“In a few years time, these boys will be behind some very big desks..”
This is the alarming declaration that the viewer receives early on into ‘The Riot Club’; a film that gifts the viewer a chilling expose of an elite club comprised of only 10 members, at Oxford University. The parallels to the Bullingdon Club (with past members including David Cameron and George Osbourne) are obvious, and it’s safe to say David Cameron now sits behind a very big desk indeed. It’s this context that enriches the film and perhaps makes the viewer question where political allegiances come from.
This depiction of elitist, snobbish society is directed by the Danish Lone Scherfig. The premise is one which sees privileged males having one last “hoorah!” before settling down to a life of politics, in the public eye. Ignoring the hyperbolic contrasts between state and privately educated individuals and a frankly absurd Freshers week at Oxford, this is a fantastic film with food for thought in abundance. Just make sure you put on your robes before tucking in!
Entrenched in secrecy “if you have to ask, you’re not the sort of person The Riot Club wants” and bonded by base rituals – including spunking on the newly recruited members’ rooms – The Riot Club is given a rich history from the film’s opening credits. This fictitious history, centred on the “legend” that is Lord Ryote, goes part way to excusing the superior mentality of its members, but as the film progresses it becomes darker and harder to understand the mindset of the men involved.
Women are treated as subordinate to men the entire way through the film. What’s nice to see is that the main female protagonist is fiery, intelligent (proving that Northerners can get into Oxford) and won’t take anyone’s shit. Natalie Dormer is an equally strong female character, although her part is minor and her career choice somewhat eyebrow raising.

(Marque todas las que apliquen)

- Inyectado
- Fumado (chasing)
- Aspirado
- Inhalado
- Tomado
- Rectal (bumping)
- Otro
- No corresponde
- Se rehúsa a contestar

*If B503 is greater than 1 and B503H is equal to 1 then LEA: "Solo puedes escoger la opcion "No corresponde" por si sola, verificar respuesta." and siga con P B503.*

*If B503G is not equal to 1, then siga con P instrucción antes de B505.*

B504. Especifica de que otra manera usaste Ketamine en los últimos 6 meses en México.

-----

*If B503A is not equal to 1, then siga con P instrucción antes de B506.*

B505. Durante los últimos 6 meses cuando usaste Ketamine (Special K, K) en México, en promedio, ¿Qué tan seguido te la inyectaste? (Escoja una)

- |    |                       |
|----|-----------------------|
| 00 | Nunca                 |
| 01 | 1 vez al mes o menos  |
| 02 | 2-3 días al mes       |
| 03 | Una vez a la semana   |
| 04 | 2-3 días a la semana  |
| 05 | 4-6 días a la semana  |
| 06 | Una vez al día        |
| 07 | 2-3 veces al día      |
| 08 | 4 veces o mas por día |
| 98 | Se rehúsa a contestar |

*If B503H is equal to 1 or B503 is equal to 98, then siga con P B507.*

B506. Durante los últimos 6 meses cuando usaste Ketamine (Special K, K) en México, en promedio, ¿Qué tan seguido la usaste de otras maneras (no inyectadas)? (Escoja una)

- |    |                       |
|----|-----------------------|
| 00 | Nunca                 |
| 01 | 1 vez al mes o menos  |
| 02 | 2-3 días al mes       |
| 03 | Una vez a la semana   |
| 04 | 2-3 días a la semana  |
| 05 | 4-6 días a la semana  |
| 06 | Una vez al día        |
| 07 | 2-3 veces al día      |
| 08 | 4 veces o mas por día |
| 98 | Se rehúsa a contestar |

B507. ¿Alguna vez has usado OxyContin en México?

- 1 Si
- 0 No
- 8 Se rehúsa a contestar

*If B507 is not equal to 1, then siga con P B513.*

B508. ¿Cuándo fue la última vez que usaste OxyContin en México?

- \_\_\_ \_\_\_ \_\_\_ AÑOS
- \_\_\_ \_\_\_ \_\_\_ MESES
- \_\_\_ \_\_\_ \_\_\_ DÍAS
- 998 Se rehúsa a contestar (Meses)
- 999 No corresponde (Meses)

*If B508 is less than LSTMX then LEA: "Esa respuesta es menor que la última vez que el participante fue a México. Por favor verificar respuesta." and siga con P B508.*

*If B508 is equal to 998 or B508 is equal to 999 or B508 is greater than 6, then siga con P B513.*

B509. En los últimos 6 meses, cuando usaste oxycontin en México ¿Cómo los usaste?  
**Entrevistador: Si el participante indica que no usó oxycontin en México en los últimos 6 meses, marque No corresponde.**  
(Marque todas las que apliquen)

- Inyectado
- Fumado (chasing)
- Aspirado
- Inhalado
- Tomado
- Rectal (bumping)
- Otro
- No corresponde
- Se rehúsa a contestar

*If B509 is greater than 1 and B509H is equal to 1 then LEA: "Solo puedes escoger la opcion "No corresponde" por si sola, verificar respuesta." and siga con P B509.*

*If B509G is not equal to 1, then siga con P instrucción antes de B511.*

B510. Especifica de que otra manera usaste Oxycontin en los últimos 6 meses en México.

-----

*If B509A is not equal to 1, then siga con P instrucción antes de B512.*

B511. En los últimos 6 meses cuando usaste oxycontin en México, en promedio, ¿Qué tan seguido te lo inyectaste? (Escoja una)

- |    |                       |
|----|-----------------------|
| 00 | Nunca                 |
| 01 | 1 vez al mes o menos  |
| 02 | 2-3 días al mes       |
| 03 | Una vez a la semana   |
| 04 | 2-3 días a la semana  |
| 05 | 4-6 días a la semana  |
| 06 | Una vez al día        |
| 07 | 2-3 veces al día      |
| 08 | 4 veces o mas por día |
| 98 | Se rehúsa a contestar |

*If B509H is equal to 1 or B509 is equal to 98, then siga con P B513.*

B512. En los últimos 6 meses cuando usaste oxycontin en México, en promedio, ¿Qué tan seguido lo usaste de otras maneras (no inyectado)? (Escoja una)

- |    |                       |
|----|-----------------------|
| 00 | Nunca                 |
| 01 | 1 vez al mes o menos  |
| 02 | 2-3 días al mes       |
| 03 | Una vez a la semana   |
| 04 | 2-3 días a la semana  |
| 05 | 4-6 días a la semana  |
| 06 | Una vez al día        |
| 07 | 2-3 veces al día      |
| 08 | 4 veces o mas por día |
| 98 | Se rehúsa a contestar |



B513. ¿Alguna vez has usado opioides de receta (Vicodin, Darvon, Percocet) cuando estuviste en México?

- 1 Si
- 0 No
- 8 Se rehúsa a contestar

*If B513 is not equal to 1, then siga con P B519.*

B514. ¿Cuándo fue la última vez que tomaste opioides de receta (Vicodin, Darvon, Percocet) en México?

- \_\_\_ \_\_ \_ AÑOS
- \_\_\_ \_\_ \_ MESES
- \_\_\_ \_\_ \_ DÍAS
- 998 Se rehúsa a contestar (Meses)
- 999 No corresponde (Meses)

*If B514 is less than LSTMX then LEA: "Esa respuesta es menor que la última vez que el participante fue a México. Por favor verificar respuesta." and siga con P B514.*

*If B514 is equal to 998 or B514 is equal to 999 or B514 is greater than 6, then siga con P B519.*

Cruelly caught up into something far larger than she can comprehend, the viewer is likely to feel most empathetic towards Holliday Grainger’s character, Lauren. It’s pretty heart-breaking to see her get let down by Miles (Max Irons), her boyfriend and riot club member… but this raises important questions about friendships and reputations at the expense of relationships, forcing the viewer to question their own priorities. At what point do you turn around to your friends, and say “enough is enough?” One of the presiding questions asked by The Riot Club is “is doing nothing ever as bad as being the perpetrator?”
After a night of excess spirals into chaos at The Bull’s Head, with violence and truly stomach turning cinematography, the viewer is on the edge of their seats. These strappingly handsome actors – including Sam Clafin and Douglas Booth – do an enthralling job of demonstrating just how a good time can get wildly out of hand.
“People like us don’t make mistakes.”
Sam Clafin acts with a sinister air, his character’s declaration that he just “fucking hates poor people” doesn’t bode well for tomorrow: the film ends with a knowing smirk from his despicable character Alistair Ryle – he knows as well as the viewer does that if you’re rich you can come out of any mishap unscathed. The bottom line? Rich people can do whatever the fuck they want.
Words by Beth Kirkbride